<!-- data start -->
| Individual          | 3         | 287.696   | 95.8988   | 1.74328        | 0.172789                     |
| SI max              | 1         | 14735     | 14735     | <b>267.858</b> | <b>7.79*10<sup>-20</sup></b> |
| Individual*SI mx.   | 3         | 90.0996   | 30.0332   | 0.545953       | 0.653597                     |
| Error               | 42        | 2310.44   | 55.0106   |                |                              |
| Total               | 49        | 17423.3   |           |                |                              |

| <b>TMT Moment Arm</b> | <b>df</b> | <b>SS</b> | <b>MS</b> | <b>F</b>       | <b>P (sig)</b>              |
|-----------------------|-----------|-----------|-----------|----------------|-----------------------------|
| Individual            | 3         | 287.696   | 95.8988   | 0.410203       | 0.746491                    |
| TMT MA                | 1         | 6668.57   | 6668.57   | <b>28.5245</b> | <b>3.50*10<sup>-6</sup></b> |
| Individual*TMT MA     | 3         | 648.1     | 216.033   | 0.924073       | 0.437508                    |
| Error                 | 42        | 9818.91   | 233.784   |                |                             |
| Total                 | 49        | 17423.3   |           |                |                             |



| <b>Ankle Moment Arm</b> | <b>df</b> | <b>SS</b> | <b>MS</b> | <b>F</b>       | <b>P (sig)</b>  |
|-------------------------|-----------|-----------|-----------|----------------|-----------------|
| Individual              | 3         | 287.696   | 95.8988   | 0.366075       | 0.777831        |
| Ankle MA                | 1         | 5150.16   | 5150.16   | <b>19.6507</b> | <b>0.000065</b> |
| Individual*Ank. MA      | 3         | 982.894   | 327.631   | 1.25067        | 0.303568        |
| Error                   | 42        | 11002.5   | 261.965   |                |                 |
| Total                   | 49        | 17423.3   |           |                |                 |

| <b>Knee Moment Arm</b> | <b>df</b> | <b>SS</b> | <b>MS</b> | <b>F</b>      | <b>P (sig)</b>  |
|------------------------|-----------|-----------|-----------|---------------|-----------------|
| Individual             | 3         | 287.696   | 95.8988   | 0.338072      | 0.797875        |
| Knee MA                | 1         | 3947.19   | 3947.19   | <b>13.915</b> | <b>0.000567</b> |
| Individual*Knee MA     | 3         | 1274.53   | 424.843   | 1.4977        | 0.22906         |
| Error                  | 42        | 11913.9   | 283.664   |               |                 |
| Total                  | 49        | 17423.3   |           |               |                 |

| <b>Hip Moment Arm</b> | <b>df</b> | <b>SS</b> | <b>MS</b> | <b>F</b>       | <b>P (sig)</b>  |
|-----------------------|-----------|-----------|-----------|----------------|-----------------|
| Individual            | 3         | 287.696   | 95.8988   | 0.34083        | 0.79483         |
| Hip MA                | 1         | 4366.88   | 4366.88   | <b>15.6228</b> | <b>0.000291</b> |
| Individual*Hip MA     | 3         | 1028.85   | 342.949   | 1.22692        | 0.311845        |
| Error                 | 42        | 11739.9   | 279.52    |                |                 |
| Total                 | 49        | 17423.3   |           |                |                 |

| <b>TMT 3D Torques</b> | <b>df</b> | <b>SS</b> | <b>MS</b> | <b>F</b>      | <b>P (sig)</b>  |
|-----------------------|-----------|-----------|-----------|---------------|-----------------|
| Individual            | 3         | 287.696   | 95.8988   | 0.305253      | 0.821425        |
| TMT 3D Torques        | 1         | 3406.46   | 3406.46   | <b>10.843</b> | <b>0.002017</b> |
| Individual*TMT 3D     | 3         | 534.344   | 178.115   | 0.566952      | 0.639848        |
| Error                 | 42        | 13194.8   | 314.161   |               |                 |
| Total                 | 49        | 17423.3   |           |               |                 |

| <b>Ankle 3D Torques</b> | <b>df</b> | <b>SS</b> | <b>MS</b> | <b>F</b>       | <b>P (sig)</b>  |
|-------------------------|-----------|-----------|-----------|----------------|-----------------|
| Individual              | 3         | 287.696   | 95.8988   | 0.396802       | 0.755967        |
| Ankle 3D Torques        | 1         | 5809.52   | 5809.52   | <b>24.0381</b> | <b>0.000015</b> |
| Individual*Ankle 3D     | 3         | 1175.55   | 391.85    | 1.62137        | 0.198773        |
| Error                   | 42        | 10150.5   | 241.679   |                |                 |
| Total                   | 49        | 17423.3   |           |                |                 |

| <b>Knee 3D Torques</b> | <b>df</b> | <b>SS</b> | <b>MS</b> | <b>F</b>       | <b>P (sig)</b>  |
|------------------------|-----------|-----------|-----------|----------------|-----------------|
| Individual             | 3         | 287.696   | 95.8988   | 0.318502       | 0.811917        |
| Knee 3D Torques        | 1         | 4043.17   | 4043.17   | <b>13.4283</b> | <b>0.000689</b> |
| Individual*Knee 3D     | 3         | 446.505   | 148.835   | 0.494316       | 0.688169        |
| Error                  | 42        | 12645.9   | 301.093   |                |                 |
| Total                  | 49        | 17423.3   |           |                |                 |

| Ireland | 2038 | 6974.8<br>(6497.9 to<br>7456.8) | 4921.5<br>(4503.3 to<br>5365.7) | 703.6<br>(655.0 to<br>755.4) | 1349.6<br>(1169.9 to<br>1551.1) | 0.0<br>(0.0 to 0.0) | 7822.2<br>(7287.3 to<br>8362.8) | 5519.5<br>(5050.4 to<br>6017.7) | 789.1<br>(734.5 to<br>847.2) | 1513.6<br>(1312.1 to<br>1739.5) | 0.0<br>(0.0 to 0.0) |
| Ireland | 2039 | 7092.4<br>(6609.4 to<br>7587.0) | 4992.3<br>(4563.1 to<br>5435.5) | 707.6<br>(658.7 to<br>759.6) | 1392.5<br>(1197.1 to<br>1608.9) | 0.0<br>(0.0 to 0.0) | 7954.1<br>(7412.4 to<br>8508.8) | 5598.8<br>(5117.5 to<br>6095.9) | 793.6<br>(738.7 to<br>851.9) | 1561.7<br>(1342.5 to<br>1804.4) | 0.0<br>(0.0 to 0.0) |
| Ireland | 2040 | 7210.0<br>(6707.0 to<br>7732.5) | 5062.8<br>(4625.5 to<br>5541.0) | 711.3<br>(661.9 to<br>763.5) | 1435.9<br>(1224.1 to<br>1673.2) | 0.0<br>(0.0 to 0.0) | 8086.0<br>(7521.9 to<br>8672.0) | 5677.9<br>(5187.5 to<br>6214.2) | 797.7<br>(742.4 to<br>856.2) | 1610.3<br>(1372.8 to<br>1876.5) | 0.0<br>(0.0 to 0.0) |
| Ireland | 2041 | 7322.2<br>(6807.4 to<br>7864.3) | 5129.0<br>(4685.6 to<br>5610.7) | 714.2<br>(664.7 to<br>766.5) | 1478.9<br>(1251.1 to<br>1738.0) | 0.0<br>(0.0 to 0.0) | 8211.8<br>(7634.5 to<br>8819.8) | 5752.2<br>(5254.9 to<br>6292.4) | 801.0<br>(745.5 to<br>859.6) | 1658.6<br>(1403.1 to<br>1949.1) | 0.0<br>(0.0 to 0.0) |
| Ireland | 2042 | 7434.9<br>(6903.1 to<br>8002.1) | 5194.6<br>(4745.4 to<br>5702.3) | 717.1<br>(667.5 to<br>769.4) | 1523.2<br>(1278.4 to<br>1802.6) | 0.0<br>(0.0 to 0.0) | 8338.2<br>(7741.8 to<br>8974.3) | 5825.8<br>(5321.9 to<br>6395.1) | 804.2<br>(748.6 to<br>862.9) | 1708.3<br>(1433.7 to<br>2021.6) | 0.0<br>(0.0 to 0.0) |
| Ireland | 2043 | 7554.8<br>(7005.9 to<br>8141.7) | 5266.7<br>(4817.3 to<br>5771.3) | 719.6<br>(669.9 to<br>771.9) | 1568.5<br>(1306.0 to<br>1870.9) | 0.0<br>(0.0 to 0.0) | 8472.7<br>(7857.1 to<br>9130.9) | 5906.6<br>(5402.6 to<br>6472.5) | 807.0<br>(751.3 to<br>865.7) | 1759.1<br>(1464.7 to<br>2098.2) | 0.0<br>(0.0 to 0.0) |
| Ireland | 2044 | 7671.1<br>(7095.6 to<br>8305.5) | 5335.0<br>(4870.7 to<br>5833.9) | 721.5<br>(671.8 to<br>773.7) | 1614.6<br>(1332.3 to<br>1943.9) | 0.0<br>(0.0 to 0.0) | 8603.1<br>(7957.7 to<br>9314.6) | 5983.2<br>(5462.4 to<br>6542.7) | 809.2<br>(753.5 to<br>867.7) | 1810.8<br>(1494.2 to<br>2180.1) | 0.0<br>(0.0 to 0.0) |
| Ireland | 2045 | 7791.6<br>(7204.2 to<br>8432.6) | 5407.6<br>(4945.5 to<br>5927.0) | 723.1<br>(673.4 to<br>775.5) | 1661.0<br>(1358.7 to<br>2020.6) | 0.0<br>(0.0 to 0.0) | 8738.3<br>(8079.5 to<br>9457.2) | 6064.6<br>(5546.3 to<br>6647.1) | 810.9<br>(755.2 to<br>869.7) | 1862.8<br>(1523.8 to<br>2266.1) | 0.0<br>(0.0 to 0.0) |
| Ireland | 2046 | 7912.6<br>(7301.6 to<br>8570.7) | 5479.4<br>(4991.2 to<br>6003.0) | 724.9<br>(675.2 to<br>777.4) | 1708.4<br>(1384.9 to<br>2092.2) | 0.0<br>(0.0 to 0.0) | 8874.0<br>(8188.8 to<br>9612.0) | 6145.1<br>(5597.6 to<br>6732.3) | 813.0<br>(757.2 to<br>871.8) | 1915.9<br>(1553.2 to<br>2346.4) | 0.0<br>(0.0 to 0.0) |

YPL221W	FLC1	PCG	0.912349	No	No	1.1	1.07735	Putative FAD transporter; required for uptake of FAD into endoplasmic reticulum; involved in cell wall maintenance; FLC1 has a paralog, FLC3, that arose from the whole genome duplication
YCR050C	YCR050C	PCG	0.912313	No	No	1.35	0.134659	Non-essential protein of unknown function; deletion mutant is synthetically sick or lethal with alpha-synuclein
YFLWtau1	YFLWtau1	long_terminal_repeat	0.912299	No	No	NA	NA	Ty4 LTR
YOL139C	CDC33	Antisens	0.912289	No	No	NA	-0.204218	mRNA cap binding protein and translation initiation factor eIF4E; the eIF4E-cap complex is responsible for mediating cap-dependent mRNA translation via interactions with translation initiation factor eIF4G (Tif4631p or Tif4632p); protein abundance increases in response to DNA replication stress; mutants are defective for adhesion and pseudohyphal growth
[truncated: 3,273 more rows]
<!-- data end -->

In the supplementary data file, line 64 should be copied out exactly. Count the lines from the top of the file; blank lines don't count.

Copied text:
YPL221W	FLC1	PCG	0.912349	No	No	1.1	1.07735	Putative FAD transporter; required for uptake of FAD into endoplasmic reticulum; involved in cell wall maintenance; FLC1 has a paralog, FLC3, that arose from the whole genome duplication